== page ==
If the SEMOS is greater than or equal to 1,200, the stratum assignment for the block is based on the MOS for the census tract that contains it. The MOS for each tract (TMOS) is obtained by summing the estimated number of occupied HUs across all of its blocks. Using SEMOS and TMOS, blocks are assigned to the five strata as defined in Table 4.1 below. These strata are consistent with the sampling categories used in Census 2000 except for the category for sampling entities with MOS less than 800, which has been split into two categories for ACS.


5Functioning governments have elected officials who can provide services and raise revenue.
6The 12 states are considered "strong" MCD states and are: Connecticut, Maine, Massachusetts, Michigan, Minnesota, New Hampshire, New Jersey, New York, Pennsylvania, Rhode Island, Vermont, and Wisconsin.
7AINSA is a general term used to describe American Indian and Alaska Native Village statistical areas. For detailed technical information on the Census Bureau's American Indian and Alaska Native Areas Geographic Program for Census 2000, see Federal Register Notice Vol. 65, No. 121, June 22, 2000.

Table 4.1 Sampling Strata Thresholds for the ACS/PRCS
Stratum Smallest Entity Measure of Size (SEMOS) and Tract Measure of Size (TMOS)
Blocks in large sampling entities (SEMOS >1,200) and large tracts TMOS >2,000
Blocks in large sampling entities (SEMOS >1,200) and small tracts TMOS ≤2,000
Blocks in small sampling entities 800 ≤SEMOS ≤1,200
Blocks in smaller sampling entities 200 ≤SEMOS <800
Blocks in smallest sampling entities SEMOS < 200

The figure shows a census block that is in City A and is also contained in School District 1. Therefore, it is contained wholly in three sampling entities:
  • County (not shown).
  • Place with active and functioning government-City A.
  • School district.
(Note that the land area of a sampling entity does not necessarily correlate to its MOS)

Example 1: Suppose the MOS for City A is 600 and the MOS for School District 1 is 1,100. Then the SEMOS for the census block is 600 and it is placed in the 200 ≤SEMOS ≤800 stratum.

Example 2: Suppose the MOS for City A is 1,300 and the MOS for School District 1 is 1,400, then the SEMOS for the block is 1,300. Since the SEMOS for the block is greater than 1,200, the block will be assigned to one of the two strata with SEMOS >1,200 depending on the size of the census tract (TMOS-not shown in the diagram). In this example, suppose the TMOS is 1,800, then the census block will be placed in the 1,200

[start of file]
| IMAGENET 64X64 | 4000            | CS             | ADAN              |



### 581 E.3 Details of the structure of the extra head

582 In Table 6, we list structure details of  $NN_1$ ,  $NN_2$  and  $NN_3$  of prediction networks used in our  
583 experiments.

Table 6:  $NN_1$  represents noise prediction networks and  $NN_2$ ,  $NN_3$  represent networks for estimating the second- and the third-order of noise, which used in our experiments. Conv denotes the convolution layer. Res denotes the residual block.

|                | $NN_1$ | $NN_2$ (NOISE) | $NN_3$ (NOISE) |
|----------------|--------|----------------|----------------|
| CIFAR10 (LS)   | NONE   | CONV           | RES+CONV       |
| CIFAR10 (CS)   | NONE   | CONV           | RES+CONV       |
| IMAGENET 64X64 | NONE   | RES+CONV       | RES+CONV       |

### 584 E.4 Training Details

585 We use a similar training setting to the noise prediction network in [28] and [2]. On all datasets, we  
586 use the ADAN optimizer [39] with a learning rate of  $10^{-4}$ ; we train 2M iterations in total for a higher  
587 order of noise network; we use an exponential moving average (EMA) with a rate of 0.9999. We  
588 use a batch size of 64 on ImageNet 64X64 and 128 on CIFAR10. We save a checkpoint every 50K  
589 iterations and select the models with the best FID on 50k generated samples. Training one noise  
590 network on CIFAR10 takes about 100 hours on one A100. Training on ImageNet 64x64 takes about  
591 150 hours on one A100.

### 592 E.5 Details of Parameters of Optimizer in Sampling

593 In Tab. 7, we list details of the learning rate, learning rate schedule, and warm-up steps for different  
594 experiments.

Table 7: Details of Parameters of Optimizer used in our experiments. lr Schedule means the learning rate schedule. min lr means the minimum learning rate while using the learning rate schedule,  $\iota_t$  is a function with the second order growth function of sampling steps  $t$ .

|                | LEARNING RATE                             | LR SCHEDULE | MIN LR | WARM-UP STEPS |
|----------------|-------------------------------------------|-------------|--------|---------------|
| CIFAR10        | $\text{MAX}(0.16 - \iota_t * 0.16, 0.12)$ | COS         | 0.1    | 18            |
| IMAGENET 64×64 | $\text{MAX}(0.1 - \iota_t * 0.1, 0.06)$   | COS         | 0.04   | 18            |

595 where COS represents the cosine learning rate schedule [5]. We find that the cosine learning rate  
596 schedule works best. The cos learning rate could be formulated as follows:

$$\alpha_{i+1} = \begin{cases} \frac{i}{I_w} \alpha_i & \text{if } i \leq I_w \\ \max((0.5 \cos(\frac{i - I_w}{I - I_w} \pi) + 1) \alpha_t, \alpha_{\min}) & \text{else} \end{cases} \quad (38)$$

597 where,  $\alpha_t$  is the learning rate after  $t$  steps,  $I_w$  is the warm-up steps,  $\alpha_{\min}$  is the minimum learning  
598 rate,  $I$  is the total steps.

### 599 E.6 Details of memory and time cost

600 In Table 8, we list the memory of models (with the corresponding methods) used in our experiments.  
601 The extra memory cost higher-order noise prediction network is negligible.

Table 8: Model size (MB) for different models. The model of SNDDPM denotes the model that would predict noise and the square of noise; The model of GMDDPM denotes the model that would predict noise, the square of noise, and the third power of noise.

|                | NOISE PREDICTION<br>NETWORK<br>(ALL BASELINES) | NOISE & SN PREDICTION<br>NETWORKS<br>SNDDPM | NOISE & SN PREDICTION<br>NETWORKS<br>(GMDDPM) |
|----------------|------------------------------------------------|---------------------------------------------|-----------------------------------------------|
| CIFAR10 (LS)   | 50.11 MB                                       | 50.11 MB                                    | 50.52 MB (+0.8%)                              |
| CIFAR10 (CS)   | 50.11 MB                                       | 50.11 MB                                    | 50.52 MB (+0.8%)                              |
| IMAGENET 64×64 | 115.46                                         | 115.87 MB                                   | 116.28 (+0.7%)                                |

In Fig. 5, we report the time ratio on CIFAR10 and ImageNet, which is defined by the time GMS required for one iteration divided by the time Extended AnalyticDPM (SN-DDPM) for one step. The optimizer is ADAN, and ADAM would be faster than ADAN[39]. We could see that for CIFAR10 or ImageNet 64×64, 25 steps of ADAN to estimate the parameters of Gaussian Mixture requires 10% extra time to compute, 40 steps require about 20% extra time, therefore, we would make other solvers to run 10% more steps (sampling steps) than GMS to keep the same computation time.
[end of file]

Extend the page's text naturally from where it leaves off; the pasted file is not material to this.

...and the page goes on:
Determining the Sampling Rates
Each year, the specific set of sampling rates is determined for each of the five sampling strata defined in Table 4.1. Before this can be done, the following three steps are performed. The first step is to calculate a base rate (BR) for the current year. Four of the five sampling rates are a function of a base sampling rate, and the fifth is fixed at 10 percent. Table 4.2 shows the relationship between the base rate and the five sampling rates.

Table 4.2 Relationship Between the Base Rate and the Sampling Rates
Stratum Sampling rates
United States Puerto Rico
Blocks in large tracts (SEMOS >1,200, TMOS >2,000) 0735 x BR 075 x BR
Blocks in small tracts (SEMOS >1,200, TMOS ≤2,000) BR BR
Blocks in small sampling entities (800 ≤SEMOS ?1,200) 15 x BR 15 x BR
Blocks in smaller sampling entities (200 ≤SEMOS <800) 3 x BR 3 x BR
Blocks in smallest sampling entities (SEMOS <200) 10 percent 10 percent

The distribution of addresses by sampling stratum, coupled with the target sample size of three million, allows a simple algebraic equation to be set up and solved for BR. The BR for 2007 was 2.23 percent for the United States and 2.7 percent for Puerto Rico.

The second step is the calculation of the sampling rates using the value of BR and the equations in Table 4.2. The third step reduces these sampling rates for certain blocks and is discussed in the following subsection.

First-Phase Sampling Rates